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Last week a colleague made me aware of a recent Boston Globe column by Jeff Jacoby. That was a mischievous thing to do, as my colleague knew full well how I would react to the column’s bullshit premise.
Jacoby claims to want to see the matter empirically, but it’s immediately clear he buys into the false assumption that declining religious affiliation will make the whole country worse off—that the rise of religiously unaffiliated “nones” marks the arrival of a less generous, less healthy common culture.
Jacoby cites the usual worrisome factoids: to wit, a decline in the share of U.S. households that give to charity and a similar decline in the proportion of the population that is involved in volunteer work. He’s bothered by the likelihood that the religiously unaffiliated will outnumber self-identified Roman Catholics by 2020, and it appears to concern him greatly that fewer and fewer people now tell pollsters that religious organizations make a positive contribution to solving social problems.
It seems not to have occurred to Jacoby that declines in charitable giving and volunteer hours might have something to do with the time pressures and psychic demands of the new ruthless economy. It seems to have escaped his notice that faith-based institutions may be losing the confidence and trust of everyday people because these everyday people don’t see faith leaders or faith-based organizations doing much, or even saying much, about the issues that matter most: lack of access to decent affordable health care and housing, and stagnant or declining real incomes for the vast majority at a time when the super-wealthy are buying third homes and second yachts.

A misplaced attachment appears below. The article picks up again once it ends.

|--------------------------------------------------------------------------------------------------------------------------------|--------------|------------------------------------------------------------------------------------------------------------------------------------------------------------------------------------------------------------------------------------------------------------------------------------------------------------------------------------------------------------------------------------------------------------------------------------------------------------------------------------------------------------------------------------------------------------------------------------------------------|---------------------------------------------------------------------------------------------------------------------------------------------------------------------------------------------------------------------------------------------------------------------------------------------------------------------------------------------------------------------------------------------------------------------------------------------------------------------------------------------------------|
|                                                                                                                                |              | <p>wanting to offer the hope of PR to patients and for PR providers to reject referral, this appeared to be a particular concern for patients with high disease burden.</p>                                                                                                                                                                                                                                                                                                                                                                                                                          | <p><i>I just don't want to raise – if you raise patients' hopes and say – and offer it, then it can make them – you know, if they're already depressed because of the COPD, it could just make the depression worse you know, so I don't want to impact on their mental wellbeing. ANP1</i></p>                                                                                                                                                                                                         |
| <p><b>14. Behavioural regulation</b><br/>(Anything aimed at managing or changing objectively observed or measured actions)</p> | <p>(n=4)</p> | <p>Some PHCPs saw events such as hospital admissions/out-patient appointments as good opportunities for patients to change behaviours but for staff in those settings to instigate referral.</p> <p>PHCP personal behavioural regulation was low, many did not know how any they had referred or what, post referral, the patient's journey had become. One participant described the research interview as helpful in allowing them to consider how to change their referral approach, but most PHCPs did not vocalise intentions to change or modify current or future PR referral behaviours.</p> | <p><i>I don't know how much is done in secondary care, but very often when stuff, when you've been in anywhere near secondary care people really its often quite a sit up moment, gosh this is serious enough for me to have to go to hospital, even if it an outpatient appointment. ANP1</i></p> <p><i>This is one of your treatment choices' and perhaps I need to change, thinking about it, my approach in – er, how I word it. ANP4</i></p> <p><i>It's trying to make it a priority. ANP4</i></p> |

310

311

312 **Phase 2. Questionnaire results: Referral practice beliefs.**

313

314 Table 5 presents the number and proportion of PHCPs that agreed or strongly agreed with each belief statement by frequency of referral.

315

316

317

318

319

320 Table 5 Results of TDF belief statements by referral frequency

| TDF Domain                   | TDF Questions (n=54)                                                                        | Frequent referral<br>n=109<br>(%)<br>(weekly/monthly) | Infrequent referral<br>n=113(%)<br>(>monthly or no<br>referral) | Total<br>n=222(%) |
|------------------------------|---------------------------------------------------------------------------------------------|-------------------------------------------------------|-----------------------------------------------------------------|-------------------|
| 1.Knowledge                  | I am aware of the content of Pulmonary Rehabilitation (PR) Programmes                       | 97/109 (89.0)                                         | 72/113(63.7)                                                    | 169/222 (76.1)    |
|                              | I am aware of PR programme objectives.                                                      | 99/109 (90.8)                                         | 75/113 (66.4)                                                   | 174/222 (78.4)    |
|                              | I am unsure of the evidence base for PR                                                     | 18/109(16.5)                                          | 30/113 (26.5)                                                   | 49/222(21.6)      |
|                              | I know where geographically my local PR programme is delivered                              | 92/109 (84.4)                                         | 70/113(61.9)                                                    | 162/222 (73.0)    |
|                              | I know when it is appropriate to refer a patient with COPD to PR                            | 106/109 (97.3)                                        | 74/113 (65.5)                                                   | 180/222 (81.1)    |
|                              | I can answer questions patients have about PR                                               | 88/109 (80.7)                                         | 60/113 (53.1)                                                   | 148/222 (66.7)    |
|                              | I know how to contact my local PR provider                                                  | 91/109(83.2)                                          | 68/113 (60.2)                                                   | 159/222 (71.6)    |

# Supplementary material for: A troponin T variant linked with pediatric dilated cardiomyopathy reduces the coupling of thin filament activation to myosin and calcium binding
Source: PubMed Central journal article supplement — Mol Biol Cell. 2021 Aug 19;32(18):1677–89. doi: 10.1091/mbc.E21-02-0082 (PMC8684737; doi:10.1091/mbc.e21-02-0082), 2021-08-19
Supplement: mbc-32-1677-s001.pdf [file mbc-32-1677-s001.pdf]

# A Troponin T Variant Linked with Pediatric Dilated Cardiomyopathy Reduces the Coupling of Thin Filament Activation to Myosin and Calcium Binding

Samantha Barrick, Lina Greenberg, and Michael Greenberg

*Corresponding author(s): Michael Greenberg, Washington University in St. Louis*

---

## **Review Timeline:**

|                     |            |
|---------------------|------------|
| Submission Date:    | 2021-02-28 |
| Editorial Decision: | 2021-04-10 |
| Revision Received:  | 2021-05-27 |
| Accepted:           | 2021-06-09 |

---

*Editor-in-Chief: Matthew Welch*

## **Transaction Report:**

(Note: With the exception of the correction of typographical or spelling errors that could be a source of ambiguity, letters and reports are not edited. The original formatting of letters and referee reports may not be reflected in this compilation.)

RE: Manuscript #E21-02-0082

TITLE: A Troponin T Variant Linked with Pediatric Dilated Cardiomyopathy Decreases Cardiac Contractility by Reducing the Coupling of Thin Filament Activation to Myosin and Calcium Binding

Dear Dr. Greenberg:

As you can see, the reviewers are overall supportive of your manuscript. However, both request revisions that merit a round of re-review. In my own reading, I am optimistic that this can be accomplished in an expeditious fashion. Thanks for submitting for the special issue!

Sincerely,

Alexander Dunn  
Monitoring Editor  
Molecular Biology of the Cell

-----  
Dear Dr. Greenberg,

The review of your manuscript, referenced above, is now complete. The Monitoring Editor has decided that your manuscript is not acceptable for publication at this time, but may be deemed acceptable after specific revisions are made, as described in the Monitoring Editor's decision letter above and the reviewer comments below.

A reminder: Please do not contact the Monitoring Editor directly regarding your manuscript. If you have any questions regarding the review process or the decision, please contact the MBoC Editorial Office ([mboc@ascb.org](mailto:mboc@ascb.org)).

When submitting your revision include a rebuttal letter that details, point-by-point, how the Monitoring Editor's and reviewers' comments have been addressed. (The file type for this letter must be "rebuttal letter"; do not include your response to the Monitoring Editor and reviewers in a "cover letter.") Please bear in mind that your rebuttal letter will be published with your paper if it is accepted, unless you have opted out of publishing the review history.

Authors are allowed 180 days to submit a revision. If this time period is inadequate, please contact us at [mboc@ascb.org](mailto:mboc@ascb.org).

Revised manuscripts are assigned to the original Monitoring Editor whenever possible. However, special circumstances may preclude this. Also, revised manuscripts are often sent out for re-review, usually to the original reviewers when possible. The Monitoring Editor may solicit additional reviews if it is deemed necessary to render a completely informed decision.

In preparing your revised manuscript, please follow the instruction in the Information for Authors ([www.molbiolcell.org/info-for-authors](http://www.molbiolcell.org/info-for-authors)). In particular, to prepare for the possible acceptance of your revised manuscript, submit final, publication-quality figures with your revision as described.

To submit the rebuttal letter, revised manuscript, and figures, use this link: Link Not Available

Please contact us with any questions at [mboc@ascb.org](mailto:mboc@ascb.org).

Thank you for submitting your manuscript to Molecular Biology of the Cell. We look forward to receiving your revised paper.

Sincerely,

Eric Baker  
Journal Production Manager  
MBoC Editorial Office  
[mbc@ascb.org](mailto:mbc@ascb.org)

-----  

This gets to the heart of the problem with Jacoby’s overall approach. He, along with far too many faith-friendly writers and thinkers, is either ignorant of, or confused about, the difference between charity and justice. Sure, religious households give more money away (most of it to religion, by the way) than unaffiliated households. Bully for them. But do they ever question why poverty and hunger and homelessness continue to soar in this supposedly “rich” country?
Similarly, I suppose it’s wonderful news that believers, on average, put in more volunteer hours than nonbelievers. But do these holy helpers ever think to challenge the political-economic power structure that systematically de-funds and eliminates public programs, thereby greatly compounding the need for all this reliance on private charity?
Yes, you can do both—you can do mercy and also love justice, as someone once suggested—but in America the “faithful” rarely love justice enough to demand systemic change. Quite the opposite, in fact.
Two primary factors help to maintain the disconnect between religious identification and justice seeking. Religiosity in this country has always been closely aligned with a petit-bourgeois mentality: one major reason that religious folks go to church (or to the synagogue or mosque) is to signify that they are pulling their weight and that the system is working. And because of the strong impress of conservative Christianity within the U.S. context, having a higher degree of religiosity also aligns with holding an authoritarian mindset and believing that people should respect social hierarchies and welcome the rule of wealth.
To be clear, I am all for people being personally generous and socially involved, but no one should think that greater individual giving means we will enjoy a more just and more generous culture. I will gladly reconsider my view of this matter if we should suddenly see masses of church folks signing up to work with Indivisible or demanding healthcare for all, free public education, and an end to corporate welfare. Do not hold your breath.
By the way, Jeff Jacoby’s misplaced worry about declining religion and the collapse of civilization is hardly new. It shows up among the memorials left by worrywarts in the days of Roman antiquity. It’s a big theme of British Victorians who obsessed about the corrosive effects of the industrial revolution. It’s a consistent thread in the preachments of American cultural conservatives ranging from Cotton Mather to David Brooks.
Historically, most conservatives writing on this theme have had the decency to say that religion is important because it helps to keep the rabble fearful and deferential. I suppose it’s not too great a variation to suggest that religion does the additional work of keeping the plebeians charitable and thus mainly ignorant of the greater demands of justice.